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The Marine Mammal Center is a nonprofit veterinary hospital, research, and educational center dedicated to the rescue and rehabilitation of ill and injured marine mammals and the study of their health. Since 1975, the Center has rescued and treated more than 16,500 marine mammals and has accumulated a body of knowledge about marine mammal and ocean health. Through public education about marine mammals, the Center hopes to foster ocean stewardship and conservation. For more information, visit http://www.marinemammalcenter.org/

Friday, July 25, 2008

It Takes a Village to Raise a Steller!

  
Arctic suckles formula from a bottle through the fencing (photo taken with a zoom lens through a small hole in the tarp).

On June 30, The Marine Mammal Center rescued a days-old Steller sea lion that was separated from its mother on Año Nuevo Island. The tiny pup would not have survived on its own, so it was brought back to the Center's hospital to begin a long process of caring for it until it is self-sufficient and old enough to be released to the wild. The pup has been nicknamed "Arctic" and is a very special patient for several reasons.

The Steller sea lion population has dropped by 80% in the last 30 years. In 1997, the western stock in Alaska was listed as endangered and the eastern stock of the Continental United States and Canada was listed as threatened. Because Arctic is a female and therefore could grow to reproduce and add to the population, her successful rehabilitation is an important goal. Her caretakers therefore want to do everything they can to help the fragile pup grow strong and survive in the wild.

Arctic's caretakers have instituted some very strict rules for her care that will hopefully minimize her habituation to humans. We want her to remain as wild as possible and to have a natural flight response when approached by humans after her release, so contact with people is kept to a bare minimum for Arctic. While this is already a policy with all the animals at The Marine Mammal Center, it's doubly important for Arctic. As a very young pup, she has had minimal exposure to other sea lions and animals in the wild. She has not had the learning experiences to teach her to be afraid of humans and predators, so the risk that she won't learn a normal flight response is higher than with older sea lions that have already learned to avoid potential dangers in the wild, including humans.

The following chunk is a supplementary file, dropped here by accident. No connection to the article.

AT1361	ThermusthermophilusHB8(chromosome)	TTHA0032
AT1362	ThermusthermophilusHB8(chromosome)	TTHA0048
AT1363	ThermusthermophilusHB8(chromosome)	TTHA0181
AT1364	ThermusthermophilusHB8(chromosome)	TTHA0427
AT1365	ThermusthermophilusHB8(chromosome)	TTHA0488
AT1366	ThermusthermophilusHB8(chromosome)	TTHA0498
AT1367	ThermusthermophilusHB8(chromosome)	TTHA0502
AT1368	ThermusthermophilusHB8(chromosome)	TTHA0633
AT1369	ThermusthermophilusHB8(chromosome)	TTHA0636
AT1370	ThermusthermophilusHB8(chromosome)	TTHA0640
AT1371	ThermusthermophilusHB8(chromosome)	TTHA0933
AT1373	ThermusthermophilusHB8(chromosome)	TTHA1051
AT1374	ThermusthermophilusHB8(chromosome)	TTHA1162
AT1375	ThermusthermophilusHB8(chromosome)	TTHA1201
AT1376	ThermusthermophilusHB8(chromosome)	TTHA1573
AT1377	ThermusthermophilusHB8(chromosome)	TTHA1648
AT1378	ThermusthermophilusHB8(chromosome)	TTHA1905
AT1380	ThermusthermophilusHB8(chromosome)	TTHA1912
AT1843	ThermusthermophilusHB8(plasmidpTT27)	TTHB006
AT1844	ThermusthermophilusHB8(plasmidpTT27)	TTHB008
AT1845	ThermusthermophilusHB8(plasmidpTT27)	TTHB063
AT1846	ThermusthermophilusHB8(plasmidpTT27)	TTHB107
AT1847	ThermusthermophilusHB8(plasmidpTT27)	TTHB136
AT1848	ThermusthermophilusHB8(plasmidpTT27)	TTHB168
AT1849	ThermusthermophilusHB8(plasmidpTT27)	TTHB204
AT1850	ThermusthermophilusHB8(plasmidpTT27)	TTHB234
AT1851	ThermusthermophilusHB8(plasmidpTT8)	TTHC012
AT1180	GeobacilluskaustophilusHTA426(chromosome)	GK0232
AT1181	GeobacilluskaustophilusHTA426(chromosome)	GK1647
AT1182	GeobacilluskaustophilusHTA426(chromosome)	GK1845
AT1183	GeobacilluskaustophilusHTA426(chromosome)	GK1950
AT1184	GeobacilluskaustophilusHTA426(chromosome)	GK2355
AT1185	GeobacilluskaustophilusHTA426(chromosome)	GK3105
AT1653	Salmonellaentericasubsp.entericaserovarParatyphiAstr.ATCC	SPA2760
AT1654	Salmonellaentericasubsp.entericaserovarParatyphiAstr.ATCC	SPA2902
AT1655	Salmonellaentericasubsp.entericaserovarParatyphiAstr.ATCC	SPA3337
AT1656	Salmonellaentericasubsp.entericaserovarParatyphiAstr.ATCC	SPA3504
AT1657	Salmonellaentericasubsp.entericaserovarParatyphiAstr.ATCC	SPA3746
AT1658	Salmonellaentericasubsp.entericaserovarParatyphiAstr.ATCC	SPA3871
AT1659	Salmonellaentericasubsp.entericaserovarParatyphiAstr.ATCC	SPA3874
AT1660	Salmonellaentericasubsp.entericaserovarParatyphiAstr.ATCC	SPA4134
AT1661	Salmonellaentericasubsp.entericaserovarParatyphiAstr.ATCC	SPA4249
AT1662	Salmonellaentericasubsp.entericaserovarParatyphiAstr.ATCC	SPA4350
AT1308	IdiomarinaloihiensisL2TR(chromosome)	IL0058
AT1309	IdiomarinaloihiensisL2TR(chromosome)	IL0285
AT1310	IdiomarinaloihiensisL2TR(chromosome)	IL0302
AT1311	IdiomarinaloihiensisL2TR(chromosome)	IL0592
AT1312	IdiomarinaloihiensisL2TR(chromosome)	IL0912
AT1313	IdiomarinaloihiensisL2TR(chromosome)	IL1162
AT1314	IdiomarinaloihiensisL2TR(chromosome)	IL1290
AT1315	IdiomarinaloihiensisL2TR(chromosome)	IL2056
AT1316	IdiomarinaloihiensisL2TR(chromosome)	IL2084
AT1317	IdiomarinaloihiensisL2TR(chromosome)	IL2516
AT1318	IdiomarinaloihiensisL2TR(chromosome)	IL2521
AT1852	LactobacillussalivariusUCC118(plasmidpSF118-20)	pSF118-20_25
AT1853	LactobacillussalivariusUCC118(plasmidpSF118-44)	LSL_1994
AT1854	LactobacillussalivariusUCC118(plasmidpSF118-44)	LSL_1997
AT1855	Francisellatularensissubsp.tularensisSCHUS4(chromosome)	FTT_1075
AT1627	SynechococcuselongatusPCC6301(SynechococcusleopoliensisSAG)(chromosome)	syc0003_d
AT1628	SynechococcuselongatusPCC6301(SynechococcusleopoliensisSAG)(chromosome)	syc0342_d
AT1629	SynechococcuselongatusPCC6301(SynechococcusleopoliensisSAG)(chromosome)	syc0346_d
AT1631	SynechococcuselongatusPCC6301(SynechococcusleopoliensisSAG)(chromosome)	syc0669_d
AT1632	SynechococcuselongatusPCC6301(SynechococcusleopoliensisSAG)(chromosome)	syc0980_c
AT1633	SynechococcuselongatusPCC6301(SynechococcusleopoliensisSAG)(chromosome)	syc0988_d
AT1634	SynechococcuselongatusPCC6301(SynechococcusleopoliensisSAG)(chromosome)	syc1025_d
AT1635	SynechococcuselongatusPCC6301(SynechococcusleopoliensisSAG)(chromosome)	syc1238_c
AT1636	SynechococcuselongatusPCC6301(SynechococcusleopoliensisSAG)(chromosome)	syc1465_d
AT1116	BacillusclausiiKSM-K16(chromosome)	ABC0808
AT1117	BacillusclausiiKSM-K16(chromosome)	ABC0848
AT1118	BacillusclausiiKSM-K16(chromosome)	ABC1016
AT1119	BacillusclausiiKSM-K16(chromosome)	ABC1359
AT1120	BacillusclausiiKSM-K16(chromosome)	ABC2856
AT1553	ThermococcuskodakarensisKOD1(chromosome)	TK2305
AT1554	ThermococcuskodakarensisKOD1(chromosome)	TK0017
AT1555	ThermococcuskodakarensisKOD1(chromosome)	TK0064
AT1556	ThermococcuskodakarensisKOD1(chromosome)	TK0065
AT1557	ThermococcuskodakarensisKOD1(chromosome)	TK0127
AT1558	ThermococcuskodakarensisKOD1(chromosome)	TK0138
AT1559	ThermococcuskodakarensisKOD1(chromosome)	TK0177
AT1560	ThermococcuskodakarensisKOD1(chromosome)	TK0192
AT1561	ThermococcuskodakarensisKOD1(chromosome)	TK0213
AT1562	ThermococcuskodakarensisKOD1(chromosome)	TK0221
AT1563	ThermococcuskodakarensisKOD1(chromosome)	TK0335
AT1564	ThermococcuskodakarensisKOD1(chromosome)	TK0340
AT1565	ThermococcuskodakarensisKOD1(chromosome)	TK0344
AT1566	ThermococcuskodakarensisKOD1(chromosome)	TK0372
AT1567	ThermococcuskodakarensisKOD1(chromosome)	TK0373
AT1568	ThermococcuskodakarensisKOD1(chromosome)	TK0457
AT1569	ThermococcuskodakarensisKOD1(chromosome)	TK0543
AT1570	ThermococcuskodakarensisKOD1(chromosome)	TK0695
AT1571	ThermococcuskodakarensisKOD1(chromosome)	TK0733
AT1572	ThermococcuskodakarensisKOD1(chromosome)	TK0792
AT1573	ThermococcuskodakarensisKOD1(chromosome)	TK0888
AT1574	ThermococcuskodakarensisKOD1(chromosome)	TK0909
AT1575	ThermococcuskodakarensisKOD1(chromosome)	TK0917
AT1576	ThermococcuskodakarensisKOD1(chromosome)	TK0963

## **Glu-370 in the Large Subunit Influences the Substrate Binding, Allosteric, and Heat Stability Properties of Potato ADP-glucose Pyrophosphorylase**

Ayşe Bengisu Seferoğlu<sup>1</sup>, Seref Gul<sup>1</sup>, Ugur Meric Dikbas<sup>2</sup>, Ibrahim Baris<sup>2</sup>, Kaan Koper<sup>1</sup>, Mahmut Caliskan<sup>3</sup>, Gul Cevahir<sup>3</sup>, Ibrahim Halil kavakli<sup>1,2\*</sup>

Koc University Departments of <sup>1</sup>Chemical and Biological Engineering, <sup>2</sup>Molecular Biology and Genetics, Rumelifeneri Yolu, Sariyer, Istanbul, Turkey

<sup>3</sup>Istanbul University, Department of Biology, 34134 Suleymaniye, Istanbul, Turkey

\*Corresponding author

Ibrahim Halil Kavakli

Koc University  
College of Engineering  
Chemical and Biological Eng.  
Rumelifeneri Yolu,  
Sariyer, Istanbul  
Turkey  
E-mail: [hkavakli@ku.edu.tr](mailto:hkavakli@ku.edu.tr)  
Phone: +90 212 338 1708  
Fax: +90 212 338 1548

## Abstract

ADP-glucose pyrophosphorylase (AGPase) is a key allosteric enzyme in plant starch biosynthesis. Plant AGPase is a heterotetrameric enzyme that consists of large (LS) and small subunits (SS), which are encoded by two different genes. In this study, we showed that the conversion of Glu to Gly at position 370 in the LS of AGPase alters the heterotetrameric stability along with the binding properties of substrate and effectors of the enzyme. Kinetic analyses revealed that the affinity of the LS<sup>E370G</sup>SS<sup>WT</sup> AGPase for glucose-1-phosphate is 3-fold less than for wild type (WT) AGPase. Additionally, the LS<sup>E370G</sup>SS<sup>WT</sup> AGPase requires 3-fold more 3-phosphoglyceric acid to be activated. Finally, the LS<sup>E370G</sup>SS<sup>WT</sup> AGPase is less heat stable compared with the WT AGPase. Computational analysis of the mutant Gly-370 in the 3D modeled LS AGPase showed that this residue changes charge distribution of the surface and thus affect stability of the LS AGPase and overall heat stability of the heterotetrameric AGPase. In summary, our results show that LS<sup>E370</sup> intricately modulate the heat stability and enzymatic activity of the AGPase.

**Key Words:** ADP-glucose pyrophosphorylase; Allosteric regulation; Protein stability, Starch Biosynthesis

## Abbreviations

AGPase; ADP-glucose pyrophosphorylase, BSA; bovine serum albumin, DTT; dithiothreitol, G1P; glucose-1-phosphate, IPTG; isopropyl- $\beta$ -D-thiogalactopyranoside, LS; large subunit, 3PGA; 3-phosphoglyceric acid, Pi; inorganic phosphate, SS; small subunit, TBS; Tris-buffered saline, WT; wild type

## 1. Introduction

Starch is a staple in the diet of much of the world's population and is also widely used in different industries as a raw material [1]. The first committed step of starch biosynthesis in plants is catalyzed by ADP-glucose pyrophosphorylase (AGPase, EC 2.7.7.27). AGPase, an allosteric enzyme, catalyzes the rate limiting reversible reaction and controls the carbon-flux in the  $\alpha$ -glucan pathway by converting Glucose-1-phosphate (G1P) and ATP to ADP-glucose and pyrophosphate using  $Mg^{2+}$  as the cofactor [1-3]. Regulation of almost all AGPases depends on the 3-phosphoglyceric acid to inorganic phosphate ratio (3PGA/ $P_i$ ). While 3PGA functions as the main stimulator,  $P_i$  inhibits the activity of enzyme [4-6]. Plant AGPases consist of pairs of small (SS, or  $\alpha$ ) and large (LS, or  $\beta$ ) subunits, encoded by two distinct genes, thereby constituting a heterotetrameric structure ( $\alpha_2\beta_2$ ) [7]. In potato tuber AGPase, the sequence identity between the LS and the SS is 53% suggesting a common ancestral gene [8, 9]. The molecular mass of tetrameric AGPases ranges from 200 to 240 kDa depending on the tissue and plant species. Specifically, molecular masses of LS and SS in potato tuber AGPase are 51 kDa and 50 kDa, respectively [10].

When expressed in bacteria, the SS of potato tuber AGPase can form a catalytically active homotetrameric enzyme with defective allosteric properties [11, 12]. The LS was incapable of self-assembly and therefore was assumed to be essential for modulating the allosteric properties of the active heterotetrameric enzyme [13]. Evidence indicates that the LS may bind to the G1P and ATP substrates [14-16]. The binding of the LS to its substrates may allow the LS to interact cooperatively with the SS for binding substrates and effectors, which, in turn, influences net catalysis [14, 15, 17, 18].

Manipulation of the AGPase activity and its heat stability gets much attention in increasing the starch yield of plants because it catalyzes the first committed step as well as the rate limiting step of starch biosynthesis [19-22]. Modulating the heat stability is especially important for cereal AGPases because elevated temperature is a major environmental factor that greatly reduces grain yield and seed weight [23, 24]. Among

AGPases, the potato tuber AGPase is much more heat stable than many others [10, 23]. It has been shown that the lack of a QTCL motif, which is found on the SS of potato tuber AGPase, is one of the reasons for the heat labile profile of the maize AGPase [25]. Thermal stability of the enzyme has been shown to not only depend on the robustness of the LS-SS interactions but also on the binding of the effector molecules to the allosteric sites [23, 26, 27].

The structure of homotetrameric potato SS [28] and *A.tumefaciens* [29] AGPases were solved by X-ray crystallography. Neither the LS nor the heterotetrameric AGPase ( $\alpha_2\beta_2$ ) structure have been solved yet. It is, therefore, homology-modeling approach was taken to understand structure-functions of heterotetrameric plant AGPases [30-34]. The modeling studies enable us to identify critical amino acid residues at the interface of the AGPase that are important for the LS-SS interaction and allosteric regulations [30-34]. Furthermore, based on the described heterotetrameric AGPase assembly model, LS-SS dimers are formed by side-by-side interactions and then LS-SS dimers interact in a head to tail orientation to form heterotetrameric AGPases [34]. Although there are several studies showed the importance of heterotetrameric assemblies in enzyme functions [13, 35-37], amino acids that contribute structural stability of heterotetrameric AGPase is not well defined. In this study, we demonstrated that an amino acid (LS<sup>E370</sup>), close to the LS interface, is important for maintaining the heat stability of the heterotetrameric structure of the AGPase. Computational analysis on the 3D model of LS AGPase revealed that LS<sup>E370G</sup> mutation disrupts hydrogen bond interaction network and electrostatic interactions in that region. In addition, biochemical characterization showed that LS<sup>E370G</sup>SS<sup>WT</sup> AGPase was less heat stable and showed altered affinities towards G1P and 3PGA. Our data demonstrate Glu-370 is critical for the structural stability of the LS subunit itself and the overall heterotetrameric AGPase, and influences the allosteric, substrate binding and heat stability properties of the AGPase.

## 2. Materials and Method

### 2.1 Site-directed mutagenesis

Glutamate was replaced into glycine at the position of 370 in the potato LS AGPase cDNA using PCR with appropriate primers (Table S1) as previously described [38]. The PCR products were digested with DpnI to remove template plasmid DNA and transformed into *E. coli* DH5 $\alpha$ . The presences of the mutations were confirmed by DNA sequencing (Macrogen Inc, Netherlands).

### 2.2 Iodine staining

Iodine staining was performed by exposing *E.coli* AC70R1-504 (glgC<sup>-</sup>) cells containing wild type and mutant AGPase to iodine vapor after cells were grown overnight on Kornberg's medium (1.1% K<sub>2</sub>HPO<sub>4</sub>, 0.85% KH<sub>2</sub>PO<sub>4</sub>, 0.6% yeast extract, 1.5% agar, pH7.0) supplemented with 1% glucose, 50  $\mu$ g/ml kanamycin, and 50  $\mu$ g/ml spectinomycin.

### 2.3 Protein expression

To combat this risk, Arctic is being kept in a pen in a secured area of the facility. She is sharing her pen with several other sea lions to socialize her, and there are tarps blocking her view to the outside. Only a very restricted number of people are allowed near the pen, and only when she needs to be medically checked or fed. These necessary activities happen from behind a board or through the fence so that she does not identify her human caretakers. A closed-circuit video camera mounted on the pen can allow volunteers and veterinary staff to monitor her remotely in the fish kitchen. Hopefully, these steps will successfully prevent her from becoming too habituated to human contact and she will be as wild as possible when she is released.

Arctic has been suckling a very rich milk formula voraciously from a bottle and has started gaining weight. She's still very fragile, but her caretakers are hopeful that she will continue to progress and will eventually be successfully introduced to the wild. Everybody from our animal care volunteers to staff to visitors has been incredibly supportive and careful about helping to preserve this very important protective environment as Arctic is rehabilitated. It takes a collective effort, and people's cooperation has been instrumental as we move forward in this effort to save a specimen of a threatened species.

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